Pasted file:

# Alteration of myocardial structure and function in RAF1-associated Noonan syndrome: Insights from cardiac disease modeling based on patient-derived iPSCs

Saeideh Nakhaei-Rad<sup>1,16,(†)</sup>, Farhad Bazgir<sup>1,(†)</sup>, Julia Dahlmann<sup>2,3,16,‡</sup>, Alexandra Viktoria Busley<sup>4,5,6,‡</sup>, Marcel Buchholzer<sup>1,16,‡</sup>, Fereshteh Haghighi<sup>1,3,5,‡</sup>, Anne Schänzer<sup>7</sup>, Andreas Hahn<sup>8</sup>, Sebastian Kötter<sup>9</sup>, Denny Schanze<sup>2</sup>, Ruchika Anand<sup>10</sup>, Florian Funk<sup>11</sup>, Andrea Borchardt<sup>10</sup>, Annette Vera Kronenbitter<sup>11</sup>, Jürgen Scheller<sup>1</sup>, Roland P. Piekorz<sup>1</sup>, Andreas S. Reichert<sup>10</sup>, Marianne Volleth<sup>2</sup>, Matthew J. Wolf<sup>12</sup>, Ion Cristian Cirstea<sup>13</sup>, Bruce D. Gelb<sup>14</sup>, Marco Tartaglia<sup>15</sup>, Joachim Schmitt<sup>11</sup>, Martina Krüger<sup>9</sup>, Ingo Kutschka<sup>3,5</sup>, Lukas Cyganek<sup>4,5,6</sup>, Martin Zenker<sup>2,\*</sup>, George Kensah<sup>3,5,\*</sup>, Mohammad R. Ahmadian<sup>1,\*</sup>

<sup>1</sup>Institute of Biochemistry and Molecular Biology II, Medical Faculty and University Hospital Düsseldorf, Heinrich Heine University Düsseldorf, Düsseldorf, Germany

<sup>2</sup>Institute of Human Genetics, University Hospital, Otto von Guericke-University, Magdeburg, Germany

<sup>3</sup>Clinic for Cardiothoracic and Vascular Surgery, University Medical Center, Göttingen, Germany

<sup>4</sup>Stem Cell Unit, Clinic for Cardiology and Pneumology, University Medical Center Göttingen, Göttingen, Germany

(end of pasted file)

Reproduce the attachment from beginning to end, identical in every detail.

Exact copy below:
# Alteration of myocardial structure and function in RAF1-associated Noonan syndrome: Insights from cardiac disease modeling based on patient-derived iPSCs

Saeideh Nakhaei-Rad<sup>1,16,(†)</sup>, Farhad Bazgir<sup>1,(†)</sup>, Julia Dahlmann<sup>2,3,16,‡</sup>, Alexandra Viktoria Busley<sup>4,5,6,‡</sup>, Marcel Buchholzer<sup>1,16,‡</sup>, Fereshteh Haghighi<sup>1,3,5,‡</sup>, Anne Schänzer<sup>7</sup>, Andreas Hahn<sup>8</sup>, Sebastian Kötter<sup>9</sup>, Denny Schanze<sup>2</sup>, Ruchika Anand<sup>10</sup>, Florian Funk<sup>11</sup>, Andrea Borchardt<sup>10</sup>, Annette Vera Kronenbitter<sup>11</sup>, Jürgen Scheller<sup>1</sup>, Roland P. Piekorz<sup>1</sup>, Andreas S. Reichert<sup>10</sup>, Marianne Volleth<sup>2</sup>, Matthew J. Wolf<sup>12</sup>, Ion Cristian Cirstea<sup>13</sup>, Bruce D. Gelb<sup>14</sup>, Marco Tartaglia<sup>15</sup>, Joachim Schmitt<sup>11</sup>, Martina Krüger<sup>9</sup>, Ingo Kutschka<sup>3,5</sup>, Lukas Cyganek<sup>4,5,6</sup>, Martin Zenker<sup>2,\*</sup>, George Kensah<sup>3,5,\*</sup>, Mohammad R. Ahmadian<sup>1,\*</sup>

<sup>1</sup>Institute of Biochemistry and Molecular Biology II, Medical Faculty and University Hospital Düsseldorf, Heinrich Heine University Düsseldorf, Düsseldorf, Germany

<sup>2</sup>Institute of Human Genetics, University Hospital, Otto von Guericke-University, Magdeburg, Germany

<sup>3</sup>Clinic for Cardiothoracic and Vascular Surgery, University Medical Center, Göttingen, Germany

<sup>4</sup>Stem Cell Unit, Clinic for Cardiology and Pneumology, University Medical Center Göttingen, Göttingen, Germany